By Chet Yarbrough
Comedy in a Minor Key
By Hans Keilson, Translated by Damion Searles
Narrated by James Clamp
HANS KEILSON (1909-2011, JEWISH GERMAN-DUTCH NOVELIST, POET, PSYCHOANALYST, AND CHILD PSYCHOLOGIST)
“The horror, the horror…” from Joseph Conrad’s Heart of Darkness creeps into your mind when listening to Hans Keilson’s story of a German Jew that is hidden by a young married couple in Nazi Germany.
Keilson is long gone and little remembered but this story places you in a small two story house, in an upstairs bedroom with the shades drawn, in a grim scene of anxiety and despair. James Clamp has a perfectly accented voice for this tale of gloom because he does not over dramatize Keilson’s words but gives them a solemn and poignant believability.
The names of the three main characters of this novel are gone from your mind as soon as the last page is read but the truth of the story sticks with you.
The truth of what dehumanizing a creed, a race, or religion can lead to. The idea recurs to you when you listen to books like The Coming of the Third Reich by Richard Evans recounting the systematic vilification and slaughter of 6,000,000 souls.
This is a story that shows how any society can devolve into a repressive, barbaric, totalitarian state but still bare witness to individual and small human conclaves of bravery, compassion, and humanity.
The comedy is in the irony of being raised in the same culture and knowing that what is happening is wrong and not being able to stop it. The comedy is compounded with the realization that stopping evil, wrought by a totalitarian state, is dependent on individual action (a minor key in a major production).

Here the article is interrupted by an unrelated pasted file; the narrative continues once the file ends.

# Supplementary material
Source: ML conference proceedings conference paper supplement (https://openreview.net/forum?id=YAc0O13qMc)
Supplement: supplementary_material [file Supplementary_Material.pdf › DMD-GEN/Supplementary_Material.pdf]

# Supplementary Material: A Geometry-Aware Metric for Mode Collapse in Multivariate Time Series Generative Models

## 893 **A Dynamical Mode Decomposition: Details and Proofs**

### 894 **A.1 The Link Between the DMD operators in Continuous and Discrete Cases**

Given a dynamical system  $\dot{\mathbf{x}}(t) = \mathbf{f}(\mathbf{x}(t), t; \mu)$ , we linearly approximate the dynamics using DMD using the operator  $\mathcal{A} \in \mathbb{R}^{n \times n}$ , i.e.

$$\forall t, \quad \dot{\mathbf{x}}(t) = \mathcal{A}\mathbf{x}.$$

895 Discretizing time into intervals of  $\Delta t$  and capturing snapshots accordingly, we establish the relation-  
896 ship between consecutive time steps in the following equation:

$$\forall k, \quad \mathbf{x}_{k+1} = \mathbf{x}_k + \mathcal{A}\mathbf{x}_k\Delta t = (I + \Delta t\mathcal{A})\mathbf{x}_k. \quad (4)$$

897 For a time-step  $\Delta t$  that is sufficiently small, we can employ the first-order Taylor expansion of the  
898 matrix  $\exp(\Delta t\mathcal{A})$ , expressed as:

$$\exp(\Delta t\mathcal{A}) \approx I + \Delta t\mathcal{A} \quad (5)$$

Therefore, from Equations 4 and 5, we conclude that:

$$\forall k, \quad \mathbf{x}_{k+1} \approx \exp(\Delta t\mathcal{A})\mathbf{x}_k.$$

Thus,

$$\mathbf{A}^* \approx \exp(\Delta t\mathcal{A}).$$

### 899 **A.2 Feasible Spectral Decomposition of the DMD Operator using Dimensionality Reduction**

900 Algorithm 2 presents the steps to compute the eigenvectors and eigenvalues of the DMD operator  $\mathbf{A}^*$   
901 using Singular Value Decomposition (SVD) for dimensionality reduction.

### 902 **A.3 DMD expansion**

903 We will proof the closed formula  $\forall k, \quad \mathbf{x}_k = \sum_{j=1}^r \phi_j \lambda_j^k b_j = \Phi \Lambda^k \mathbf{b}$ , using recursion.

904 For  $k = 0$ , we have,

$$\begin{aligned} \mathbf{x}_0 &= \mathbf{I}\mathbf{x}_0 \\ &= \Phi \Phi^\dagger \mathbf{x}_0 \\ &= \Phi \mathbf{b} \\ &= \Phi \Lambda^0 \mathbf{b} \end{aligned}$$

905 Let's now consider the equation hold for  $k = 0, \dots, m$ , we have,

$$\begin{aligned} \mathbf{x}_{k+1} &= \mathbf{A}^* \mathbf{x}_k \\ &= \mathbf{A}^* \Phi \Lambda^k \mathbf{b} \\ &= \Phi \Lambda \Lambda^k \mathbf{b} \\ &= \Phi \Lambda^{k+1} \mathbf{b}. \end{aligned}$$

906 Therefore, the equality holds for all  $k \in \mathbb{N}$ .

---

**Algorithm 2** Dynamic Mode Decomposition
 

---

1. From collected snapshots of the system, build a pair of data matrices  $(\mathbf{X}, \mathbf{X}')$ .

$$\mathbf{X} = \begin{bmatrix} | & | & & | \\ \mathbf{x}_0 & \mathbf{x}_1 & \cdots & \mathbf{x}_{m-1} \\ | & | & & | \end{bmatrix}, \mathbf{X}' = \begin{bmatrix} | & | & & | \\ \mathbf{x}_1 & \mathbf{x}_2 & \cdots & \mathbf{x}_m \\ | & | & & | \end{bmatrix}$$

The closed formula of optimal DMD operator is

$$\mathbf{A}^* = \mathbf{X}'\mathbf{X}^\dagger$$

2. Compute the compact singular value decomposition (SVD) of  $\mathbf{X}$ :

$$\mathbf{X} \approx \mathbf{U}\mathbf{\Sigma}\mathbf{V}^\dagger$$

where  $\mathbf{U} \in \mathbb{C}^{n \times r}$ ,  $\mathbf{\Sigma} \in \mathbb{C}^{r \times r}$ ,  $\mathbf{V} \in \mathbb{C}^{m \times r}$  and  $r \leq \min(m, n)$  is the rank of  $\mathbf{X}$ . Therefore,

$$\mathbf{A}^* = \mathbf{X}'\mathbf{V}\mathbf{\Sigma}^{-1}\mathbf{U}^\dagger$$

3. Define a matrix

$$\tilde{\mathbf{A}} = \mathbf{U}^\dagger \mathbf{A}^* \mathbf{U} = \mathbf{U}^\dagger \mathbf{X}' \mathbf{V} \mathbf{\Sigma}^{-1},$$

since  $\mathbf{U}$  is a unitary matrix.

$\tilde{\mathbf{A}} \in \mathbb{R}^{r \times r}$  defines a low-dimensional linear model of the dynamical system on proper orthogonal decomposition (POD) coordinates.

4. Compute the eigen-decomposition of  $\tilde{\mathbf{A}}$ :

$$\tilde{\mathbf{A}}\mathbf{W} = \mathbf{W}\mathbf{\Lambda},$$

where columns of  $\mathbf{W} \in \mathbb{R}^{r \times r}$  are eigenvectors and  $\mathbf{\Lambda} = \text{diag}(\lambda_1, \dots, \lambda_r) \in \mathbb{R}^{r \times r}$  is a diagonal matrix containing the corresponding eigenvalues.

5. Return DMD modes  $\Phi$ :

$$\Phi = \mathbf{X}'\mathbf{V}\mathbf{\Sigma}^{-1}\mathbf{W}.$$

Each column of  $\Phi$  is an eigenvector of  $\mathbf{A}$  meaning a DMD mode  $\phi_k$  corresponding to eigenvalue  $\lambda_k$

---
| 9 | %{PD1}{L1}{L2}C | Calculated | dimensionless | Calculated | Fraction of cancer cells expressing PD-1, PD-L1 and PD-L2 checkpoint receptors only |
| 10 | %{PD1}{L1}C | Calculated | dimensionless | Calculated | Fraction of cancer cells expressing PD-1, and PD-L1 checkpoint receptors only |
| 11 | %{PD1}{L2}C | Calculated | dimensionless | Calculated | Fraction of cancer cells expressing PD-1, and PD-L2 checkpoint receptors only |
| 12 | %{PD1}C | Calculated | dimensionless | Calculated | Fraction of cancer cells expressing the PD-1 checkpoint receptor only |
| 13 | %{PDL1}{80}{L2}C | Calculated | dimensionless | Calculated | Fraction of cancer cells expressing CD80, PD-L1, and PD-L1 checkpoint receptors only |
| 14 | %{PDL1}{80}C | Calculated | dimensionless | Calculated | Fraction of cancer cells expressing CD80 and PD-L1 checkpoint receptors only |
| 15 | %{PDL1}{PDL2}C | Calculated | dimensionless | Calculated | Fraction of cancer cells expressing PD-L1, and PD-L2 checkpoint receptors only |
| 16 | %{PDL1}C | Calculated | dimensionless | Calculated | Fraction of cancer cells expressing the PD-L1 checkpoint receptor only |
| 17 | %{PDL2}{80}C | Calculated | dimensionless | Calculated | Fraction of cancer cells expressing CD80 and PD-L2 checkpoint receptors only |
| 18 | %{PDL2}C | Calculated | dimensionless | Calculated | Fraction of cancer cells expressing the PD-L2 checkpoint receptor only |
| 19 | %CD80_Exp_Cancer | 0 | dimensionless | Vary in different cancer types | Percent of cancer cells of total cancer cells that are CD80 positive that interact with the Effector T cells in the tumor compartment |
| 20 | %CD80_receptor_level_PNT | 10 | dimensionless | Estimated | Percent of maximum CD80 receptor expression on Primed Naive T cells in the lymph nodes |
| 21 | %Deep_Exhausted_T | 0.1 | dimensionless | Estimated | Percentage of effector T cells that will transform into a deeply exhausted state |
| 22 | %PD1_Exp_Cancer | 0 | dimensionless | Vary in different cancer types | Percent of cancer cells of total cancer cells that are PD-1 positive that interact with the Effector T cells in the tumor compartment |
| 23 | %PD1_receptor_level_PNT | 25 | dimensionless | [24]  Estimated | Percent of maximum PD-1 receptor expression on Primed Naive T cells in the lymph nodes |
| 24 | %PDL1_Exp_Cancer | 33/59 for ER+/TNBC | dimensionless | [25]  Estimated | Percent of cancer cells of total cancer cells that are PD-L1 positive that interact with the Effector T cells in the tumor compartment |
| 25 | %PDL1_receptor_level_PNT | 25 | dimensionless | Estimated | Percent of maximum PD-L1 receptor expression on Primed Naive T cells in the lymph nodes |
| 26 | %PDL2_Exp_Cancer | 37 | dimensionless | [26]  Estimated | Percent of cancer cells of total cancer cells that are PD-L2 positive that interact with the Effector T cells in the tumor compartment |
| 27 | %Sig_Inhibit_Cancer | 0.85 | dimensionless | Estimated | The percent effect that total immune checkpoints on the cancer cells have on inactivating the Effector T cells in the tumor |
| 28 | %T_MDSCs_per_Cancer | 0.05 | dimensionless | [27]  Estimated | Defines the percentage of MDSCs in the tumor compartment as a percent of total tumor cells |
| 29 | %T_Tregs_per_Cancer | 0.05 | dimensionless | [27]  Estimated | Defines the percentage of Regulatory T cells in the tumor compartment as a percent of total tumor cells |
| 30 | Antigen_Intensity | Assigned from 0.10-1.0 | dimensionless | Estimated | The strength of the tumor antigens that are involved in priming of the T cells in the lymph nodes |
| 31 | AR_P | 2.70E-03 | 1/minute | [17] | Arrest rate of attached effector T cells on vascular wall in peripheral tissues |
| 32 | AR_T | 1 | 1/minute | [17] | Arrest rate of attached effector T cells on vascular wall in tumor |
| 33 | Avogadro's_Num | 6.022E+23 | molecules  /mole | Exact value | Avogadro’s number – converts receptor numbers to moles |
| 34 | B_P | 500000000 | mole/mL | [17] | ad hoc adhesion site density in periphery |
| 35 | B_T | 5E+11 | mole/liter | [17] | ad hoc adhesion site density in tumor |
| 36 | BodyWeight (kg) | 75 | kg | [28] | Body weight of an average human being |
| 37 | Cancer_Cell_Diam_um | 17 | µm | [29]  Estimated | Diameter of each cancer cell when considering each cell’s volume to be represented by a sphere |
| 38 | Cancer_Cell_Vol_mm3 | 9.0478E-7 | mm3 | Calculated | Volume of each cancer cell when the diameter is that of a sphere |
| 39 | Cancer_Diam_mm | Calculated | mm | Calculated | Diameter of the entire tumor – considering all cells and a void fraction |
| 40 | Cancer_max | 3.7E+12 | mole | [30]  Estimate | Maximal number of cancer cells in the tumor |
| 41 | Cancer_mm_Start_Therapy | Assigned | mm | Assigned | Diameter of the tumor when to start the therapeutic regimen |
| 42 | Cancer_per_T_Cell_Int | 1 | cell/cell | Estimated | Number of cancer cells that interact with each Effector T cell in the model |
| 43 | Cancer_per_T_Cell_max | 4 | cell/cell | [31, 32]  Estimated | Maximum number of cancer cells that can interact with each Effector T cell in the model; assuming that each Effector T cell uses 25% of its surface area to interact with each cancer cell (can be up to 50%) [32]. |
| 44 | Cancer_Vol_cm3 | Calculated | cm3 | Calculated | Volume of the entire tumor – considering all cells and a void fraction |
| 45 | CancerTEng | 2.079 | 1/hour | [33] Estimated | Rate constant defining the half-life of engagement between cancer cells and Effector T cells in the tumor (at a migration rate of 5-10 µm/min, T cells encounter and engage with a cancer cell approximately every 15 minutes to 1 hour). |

You cannot help but empathize with the trauma that one must feel when choosing to fight what is wrong when it may mean the end of your life, not necessarily death, but the complete change of your circumstance of living.
The married couple hiding a Jew makes a small mistake that forces them to leave their home; their job; their life, as they have been living it, to escape the consequence of their action. It is an ironic little comedy because it turns out the minor mistake is purposely ignored by the German investigator; a character that resists the out of control culture that he is a part of.
Except for the death of innocence, the story has a happy ending with the married couple returning to their home to begin again. One wonders if beginning again means they will continue to be protectors of the innocent; to be human in a culture that slips into organized genocide, destruction, and hate.
This is a short book, more of a novella, but it tells a big story that resonates in our own history and the history of all humanity.